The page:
First of all, the choices of where to study law are clearly more limited in the Czech Republic. There are only four universities in the Czech Republic that are authorized to award law degrees: Charles University (Prague); Masaryk University (Brno); the University of Western Bohemia (Pilsen); and Palacky University (Olomouc).
The most noticeable difference is that Czech students study law as undergraduates, as is the case in most countries of the world. (The United States and Canada are outliers in that regard.) Would-be lawyers typically enter the university as law students and remain law students the entire time they are enrolled. Continue reading “Postcard from Prague – Part One: Comparing the U.S. and Czech Experiences in Legal Education”
This past December 5 marked the 80th anniversary of the repeal of Prohibition, America’s experiment in the creation of an alcohol-free society.
Prohibition officially ended in 1933 with the ratification of the 21st Amendment to the United States Constitution. The new Amendment repealed the earlier 18th Amendment, which had made the sale and consumption of alcoholic beverages illegal in the United States.
The repeal of Prohibition is an event that has been celebrated daily in Wisconsin for the past eight decades.
Somewhat remarkably, Wisconsin, long associated with the production of alcoholic spirits, did actually vote for Prohibition. On January 17, 1919, in the wake of intense anti-German sentiment throughout the United States and in the aftermath of World War I, in which the U.S. government had used its war powers to sharply curtail the production of alcoholic beverages, the Wisconsin legislature approved the 18th Amendment by a majority vote. However, in “defense” of the legislature, Wisconsin’s approval did not come until after the Prohibition Amendment had already been ratified by the requisite number of states to bring it into law. Continue reading “Wisconsin and the Repeal of Prohibition”
The debate over the appropriateness of Native American team names rages on. Whatever the propriety of generic Native American team names like Indians, Chiefs, Braves, or Warriors, or tribal names like Utes, Chippewas, or Seminoles, there seems to be a widespread belief that the term “Redskins” is especially offensive and insulting to Native Americans. How this perception came about is somewhat puzzling, as it appears to be of relatively recent origin.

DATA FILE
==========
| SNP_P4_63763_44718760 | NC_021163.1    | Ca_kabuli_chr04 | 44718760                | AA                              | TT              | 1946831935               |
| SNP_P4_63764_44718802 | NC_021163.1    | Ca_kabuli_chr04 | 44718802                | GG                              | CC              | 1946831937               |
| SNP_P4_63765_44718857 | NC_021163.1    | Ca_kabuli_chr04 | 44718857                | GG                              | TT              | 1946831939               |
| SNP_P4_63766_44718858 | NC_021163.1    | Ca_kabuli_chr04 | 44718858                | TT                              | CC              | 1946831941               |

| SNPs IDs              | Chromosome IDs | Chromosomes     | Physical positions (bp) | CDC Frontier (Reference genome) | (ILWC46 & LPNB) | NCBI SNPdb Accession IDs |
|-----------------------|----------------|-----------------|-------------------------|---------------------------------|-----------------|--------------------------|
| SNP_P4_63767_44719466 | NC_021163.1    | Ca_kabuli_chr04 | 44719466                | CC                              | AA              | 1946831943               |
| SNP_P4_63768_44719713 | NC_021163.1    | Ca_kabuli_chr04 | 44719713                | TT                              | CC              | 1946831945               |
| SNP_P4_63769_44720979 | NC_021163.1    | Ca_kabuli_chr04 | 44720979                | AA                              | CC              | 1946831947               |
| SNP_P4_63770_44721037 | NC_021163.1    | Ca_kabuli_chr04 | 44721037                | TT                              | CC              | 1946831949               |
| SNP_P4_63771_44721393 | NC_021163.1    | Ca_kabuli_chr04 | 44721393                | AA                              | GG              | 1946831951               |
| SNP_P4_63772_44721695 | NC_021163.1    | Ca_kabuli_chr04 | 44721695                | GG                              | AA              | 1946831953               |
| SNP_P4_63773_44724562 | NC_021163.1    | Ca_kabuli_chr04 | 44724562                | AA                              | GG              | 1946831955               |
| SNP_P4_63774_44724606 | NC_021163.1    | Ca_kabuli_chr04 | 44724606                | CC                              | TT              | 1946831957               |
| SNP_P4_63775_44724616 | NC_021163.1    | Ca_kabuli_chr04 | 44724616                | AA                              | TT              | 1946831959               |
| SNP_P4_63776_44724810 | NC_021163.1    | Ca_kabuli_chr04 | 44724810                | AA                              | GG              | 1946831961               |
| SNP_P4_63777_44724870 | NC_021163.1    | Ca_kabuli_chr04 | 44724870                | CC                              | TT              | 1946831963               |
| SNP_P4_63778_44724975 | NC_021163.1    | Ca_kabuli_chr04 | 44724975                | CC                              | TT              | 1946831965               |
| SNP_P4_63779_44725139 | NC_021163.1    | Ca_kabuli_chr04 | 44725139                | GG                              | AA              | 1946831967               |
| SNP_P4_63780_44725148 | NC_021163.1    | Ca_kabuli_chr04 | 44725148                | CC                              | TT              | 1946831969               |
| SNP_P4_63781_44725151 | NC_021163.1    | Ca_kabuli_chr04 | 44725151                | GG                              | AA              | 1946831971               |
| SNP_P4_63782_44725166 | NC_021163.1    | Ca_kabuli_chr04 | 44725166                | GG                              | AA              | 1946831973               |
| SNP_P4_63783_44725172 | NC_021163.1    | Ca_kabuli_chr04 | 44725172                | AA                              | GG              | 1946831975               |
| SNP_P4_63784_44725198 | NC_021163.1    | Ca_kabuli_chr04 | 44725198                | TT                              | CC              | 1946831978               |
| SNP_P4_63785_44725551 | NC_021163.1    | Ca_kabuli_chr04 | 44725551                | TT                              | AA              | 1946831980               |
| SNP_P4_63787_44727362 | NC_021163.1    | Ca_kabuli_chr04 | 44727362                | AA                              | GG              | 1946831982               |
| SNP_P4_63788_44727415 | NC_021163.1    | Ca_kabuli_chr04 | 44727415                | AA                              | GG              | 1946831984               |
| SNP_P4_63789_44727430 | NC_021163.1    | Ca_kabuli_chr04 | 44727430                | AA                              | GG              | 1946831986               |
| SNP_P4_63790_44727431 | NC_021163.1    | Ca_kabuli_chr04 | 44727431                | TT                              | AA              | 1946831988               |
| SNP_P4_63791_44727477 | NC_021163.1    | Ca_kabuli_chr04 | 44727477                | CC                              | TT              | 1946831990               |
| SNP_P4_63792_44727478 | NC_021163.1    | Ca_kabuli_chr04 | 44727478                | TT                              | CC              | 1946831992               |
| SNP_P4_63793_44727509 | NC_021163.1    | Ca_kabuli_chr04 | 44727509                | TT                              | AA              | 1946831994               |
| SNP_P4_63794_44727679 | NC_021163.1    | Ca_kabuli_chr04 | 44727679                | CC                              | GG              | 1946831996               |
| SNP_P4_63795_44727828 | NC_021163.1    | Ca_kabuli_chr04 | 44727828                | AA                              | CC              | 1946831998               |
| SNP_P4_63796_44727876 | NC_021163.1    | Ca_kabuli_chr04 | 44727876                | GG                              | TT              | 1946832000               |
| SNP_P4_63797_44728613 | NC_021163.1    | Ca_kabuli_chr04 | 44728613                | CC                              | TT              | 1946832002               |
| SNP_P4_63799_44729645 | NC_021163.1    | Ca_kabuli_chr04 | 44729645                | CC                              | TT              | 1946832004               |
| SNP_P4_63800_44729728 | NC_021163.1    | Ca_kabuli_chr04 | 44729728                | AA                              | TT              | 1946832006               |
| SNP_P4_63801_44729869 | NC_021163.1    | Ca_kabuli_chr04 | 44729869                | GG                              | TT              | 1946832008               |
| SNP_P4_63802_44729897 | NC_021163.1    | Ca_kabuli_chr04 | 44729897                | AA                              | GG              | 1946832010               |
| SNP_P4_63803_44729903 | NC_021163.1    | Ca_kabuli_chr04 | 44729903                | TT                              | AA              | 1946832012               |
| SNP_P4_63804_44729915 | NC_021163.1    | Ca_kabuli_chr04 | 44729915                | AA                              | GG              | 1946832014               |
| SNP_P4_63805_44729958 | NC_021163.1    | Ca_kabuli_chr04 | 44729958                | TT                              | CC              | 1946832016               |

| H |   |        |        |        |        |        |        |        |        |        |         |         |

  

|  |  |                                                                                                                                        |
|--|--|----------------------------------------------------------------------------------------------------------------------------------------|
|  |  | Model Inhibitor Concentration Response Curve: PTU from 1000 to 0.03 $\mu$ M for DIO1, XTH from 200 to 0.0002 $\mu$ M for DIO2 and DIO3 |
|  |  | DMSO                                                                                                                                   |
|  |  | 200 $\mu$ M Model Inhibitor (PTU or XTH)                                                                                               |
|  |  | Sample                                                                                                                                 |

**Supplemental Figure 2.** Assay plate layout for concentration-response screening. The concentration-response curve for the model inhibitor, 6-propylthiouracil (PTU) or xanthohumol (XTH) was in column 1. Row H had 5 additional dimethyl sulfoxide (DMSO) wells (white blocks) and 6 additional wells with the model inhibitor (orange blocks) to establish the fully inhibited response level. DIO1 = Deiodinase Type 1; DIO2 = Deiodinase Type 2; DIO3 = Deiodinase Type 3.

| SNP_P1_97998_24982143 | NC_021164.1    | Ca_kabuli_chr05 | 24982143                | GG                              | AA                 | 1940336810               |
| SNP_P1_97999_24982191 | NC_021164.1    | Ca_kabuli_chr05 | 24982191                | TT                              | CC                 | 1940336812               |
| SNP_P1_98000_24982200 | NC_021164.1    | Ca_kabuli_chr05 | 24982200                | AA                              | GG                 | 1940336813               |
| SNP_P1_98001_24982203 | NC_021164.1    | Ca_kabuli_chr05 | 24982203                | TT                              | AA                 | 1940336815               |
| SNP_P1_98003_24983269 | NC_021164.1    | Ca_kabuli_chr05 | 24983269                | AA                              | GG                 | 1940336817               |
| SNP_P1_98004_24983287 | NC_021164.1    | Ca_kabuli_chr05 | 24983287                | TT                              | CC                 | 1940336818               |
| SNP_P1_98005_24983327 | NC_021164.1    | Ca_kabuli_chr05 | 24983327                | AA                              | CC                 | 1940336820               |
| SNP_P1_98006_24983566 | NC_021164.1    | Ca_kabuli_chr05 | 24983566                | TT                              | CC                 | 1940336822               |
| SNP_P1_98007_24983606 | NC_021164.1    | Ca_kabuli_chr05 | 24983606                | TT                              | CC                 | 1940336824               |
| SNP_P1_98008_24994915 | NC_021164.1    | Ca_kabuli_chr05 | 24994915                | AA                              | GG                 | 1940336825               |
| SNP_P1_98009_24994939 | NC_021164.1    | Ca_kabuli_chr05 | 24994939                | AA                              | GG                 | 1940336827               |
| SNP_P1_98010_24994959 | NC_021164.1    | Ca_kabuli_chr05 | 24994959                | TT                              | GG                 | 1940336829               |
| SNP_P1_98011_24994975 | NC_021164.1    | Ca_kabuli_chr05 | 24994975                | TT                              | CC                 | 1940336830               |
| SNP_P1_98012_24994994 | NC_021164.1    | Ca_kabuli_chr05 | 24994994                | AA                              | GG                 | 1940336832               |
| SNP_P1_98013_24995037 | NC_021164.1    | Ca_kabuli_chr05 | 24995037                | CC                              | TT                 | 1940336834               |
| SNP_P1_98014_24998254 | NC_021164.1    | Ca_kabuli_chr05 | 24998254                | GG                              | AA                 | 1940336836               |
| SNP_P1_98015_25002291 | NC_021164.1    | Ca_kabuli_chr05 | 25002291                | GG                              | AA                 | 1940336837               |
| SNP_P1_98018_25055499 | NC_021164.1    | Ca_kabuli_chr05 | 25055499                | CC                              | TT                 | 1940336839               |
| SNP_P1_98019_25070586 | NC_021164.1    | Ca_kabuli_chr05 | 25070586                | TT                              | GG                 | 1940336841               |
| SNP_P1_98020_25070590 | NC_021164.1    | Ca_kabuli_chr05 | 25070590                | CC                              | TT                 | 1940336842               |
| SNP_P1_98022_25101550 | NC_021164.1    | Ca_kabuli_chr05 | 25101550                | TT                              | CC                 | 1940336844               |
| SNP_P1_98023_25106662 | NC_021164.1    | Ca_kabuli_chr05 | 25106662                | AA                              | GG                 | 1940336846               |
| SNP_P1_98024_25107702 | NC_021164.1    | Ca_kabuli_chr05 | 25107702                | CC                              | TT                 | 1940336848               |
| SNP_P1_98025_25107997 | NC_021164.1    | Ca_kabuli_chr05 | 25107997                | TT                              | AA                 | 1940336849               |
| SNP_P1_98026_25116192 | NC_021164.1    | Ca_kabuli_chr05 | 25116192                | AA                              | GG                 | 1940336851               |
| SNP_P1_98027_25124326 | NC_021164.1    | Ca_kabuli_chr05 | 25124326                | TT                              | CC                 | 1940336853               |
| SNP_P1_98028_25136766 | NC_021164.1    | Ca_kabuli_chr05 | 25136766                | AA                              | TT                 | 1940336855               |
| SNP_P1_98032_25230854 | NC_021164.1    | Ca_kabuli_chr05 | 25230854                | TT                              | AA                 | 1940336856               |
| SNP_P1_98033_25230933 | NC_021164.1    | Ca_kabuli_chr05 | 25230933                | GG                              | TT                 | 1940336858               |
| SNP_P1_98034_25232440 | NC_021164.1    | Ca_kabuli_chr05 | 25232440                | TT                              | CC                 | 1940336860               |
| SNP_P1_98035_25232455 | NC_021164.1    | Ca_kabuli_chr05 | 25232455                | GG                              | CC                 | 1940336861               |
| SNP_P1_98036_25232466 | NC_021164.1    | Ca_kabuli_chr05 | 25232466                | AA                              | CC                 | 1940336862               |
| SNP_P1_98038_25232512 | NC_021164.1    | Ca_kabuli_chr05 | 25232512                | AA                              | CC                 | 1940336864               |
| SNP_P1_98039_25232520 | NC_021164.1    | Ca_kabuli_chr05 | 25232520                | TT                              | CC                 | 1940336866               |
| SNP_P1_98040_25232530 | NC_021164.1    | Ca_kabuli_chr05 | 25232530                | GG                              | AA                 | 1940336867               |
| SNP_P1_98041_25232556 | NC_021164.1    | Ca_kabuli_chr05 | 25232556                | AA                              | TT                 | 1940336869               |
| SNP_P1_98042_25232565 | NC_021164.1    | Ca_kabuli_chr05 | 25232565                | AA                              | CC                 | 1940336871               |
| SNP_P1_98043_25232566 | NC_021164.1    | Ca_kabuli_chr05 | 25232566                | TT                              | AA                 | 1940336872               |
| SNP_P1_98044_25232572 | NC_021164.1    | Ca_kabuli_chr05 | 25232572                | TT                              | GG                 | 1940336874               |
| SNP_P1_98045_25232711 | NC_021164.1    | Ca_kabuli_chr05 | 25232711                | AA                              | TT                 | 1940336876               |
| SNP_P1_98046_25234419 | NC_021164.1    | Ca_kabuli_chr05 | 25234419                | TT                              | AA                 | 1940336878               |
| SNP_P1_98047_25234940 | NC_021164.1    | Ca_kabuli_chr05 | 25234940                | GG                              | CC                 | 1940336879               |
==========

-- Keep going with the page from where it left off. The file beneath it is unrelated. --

There is little evidence that the perception of “redskin” as an inherently offensive term for Native American existed before the late 1970’s or early 1980’s. Traditionally, the word “redskin” was viewed as a synonym for Indian or Native American and did not carry the sort of negative connotations that have long attached to ethnic slurs like “chink,” “wetback,” “kike,” or “nigger.” Sportswriters covering teams with Indians nicknames during the first three quarters of the twentieth century routinely substituted “Redskins” for “Indians” or “Braves” in search of variety, and they apparently did so without being aware that this alternative word choice was more offensive than the original.
Although the name “Redskins” was earlier used by the Muskogee, Oklahoma, minor league baseball team and the Miami University of Ohio football team, the Redskins name is today primarily associated with the Washington team in the National Football League. Continue reading “Why Is the Word “Redskin” so Offensive?”
November 2013 marks the centennial of Charles Beard’s An Economic Interpretation of the Constitution of the United States, arguably the most important book written on the United States Constitution other than the Federalist Papers. Few works of historical scholarship have ever so dramatically transformed the scholarly (if not the public) debate over the meaning of a major American event.
At the time of the publication of An Economic Interpretation, the Indiana-born Beard was a 39-year-old Associate Professor of Political Science at Columbia University, the school from which he had received his Ph.D. in 1904. As his title suggested, his new book argued that the framers of the United States Constitution of 1787 had been motivated, not exclusively by nationalistic or democratic concerns, but by the desire to protect the property rights of wealthy Americans, especially those (including themselves) who had invested in federal bonds and had speculated in western lands. Continue reading “Remembering a Classic Work of Constitutional History”